In my case, I had put expectations on myself for my week in the woods, but what I hadn't taken into consideration was that I was still processing. I first needed to reconcile the feedback I had received with the meaning the book has for me. That feedback, which was delivered in very gentle ways, was valuable and made sense, but I still needed to find myself in it. That was the work I needed to do there. Once the book has left my hands, it means something to somebody else, and if I want to connect with my reader, it is my responsibility to bring out certain threads I may not have originally intended and, in this instance, create something like an omniscient narrator to make other connections for the reader that weren't coming through. That narrator has its own voice that ties the story together and creates the sound of the book, and I was only beginning to learn that I still needed to find that voice. My list wasn't going to help me do that.


As it turned out, the false starts and confidence trip-ups helped me connect with my character's world in a way I hadn't in several years. It brought me right back into that emotional core and by the last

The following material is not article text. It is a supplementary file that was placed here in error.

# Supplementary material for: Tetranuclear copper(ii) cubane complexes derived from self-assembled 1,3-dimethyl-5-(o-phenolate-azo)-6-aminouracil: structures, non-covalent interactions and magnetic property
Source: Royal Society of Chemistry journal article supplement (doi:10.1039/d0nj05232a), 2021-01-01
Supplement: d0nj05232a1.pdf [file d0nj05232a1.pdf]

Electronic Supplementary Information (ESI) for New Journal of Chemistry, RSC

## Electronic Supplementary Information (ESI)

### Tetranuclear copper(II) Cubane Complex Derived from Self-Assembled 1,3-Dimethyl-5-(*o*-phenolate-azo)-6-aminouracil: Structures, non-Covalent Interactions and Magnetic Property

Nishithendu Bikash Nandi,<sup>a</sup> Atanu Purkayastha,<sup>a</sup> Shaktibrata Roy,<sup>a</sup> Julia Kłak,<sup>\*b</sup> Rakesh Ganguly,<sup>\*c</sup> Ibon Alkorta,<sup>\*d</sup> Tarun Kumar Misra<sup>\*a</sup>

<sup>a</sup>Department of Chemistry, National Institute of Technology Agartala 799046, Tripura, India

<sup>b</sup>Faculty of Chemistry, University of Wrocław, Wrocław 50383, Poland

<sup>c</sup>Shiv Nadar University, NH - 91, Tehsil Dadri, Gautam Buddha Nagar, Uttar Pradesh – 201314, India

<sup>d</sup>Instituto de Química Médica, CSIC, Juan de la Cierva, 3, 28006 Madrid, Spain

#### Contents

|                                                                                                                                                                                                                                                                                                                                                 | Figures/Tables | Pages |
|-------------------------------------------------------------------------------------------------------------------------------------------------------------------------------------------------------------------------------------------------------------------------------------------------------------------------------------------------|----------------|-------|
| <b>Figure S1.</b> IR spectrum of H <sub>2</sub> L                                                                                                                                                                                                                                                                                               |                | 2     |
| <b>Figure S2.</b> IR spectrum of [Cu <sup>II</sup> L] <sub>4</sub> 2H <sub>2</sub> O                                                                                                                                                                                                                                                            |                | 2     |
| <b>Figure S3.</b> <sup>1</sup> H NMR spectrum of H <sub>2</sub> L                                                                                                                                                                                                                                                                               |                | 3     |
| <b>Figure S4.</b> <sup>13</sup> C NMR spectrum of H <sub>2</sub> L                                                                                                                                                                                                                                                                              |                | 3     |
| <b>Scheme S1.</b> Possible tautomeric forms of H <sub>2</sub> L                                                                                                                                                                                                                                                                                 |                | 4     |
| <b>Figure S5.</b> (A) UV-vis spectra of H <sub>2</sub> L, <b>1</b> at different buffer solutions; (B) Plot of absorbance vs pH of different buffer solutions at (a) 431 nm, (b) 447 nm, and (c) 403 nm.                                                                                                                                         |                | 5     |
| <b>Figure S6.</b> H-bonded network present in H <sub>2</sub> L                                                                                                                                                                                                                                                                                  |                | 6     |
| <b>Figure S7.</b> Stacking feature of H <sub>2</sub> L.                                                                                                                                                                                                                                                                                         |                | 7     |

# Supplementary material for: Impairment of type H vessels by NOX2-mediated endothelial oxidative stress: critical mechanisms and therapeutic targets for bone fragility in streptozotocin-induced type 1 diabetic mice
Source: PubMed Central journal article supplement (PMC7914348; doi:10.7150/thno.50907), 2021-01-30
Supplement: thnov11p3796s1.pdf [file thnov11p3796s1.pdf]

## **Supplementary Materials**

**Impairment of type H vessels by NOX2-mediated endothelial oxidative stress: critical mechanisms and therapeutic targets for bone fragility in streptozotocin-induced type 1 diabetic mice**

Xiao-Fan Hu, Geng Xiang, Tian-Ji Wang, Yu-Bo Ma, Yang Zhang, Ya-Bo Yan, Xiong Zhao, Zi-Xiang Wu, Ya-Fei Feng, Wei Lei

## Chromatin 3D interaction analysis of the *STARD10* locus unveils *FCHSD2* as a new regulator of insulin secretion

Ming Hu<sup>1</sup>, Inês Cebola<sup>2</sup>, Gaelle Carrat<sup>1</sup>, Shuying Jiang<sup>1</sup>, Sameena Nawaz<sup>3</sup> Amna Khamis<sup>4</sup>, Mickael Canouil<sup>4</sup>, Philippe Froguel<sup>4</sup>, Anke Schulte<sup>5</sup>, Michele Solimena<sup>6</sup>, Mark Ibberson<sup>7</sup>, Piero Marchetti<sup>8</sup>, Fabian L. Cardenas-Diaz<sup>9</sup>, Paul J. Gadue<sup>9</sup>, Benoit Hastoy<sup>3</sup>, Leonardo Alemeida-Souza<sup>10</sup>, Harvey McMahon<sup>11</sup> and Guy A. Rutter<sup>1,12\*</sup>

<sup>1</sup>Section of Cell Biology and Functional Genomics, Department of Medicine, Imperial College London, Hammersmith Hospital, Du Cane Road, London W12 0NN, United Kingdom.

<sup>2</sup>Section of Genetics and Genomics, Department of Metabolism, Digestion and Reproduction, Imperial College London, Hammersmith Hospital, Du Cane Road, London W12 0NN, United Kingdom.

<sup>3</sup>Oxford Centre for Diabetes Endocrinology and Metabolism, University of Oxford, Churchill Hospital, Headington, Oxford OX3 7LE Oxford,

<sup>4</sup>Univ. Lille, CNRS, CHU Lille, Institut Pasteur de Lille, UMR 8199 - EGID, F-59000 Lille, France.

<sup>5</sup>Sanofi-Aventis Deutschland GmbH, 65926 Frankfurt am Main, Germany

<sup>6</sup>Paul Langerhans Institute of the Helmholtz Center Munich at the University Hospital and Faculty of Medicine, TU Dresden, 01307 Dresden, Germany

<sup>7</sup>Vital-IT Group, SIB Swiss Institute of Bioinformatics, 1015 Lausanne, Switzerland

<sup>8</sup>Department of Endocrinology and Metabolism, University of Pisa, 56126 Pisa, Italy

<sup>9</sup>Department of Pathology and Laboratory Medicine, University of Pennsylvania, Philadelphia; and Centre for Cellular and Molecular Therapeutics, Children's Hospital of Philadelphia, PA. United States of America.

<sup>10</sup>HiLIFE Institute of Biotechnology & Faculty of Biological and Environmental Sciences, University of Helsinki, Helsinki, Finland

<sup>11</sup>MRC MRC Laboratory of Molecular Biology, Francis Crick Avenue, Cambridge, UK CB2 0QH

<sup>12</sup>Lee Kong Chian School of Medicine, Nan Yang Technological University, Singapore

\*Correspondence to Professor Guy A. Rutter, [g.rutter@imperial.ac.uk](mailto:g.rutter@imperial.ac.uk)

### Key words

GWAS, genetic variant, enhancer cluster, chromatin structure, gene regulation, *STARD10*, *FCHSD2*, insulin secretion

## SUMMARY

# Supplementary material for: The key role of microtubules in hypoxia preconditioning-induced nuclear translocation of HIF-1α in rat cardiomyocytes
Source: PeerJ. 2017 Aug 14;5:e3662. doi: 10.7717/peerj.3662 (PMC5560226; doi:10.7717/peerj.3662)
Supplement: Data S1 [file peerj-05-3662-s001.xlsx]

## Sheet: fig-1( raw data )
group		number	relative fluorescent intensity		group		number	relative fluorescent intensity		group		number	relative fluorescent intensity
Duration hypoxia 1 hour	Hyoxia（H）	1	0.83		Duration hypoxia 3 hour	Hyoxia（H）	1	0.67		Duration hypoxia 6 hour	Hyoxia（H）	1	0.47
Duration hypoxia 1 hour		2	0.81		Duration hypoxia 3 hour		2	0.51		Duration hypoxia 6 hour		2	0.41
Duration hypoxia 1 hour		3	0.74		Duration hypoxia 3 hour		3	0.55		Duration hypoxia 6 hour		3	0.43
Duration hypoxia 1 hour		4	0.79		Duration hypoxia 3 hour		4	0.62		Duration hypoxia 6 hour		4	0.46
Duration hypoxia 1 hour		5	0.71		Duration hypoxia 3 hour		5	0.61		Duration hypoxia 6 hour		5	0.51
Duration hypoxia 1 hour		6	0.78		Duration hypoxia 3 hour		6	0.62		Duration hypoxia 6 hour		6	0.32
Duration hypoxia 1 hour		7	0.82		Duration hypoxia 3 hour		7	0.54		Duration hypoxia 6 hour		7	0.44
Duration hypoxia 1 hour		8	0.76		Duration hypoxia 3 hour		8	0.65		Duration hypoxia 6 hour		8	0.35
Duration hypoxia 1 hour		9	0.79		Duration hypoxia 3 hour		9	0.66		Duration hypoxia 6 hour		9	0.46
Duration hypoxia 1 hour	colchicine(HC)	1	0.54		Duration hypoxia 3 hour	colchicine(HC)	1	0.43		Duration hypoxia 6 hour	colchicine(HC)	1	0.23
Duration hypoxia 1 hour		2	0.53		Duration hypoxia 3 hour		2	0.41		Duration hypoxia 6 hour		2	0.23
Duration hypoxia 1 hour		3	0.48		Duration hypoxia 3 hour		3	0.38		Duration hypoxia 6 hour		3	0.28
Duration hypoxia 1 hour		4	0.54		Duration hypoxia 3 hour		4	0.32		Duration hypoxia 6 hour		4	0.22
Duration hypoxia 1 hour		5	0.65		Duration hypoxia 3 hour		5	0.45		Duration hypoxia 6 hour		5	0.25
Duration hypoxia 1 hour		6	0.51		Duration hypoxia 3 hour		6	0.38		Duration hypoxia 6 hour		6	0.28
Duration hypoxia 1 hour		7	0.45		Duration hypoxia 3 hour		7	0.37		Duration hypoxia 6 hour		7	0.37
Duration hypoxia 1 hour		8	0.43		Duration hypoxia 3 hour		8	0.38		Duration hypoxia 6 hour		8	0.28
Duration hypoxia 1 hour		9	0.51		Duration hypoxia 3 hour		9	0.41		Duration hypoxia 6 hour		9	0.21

days of the retreat, I was ready to pour that into a new narrator voice. A week after the retreat was over, all the walks and deep thinking I had done as well as the knowledge I had soaked up from the faculty and students were starting to come together. I sat alone some more with my ideas then talked through them with my writing group members. I discussed the meaning the book had for me, and they helped me see even more how certain concepts weren't coming through. As I brainstormed ideas with them on how to bring those themes out, that excitement was churning in my blood again, and I no longer felt like the revisions were coming from outside of me but were exactly what I wanted to write to tell the story. I continued writing pages of notes and new lists throughout the next week. I couldn't stop myself. I was back in it; I just needed to go through some growing pains to get there.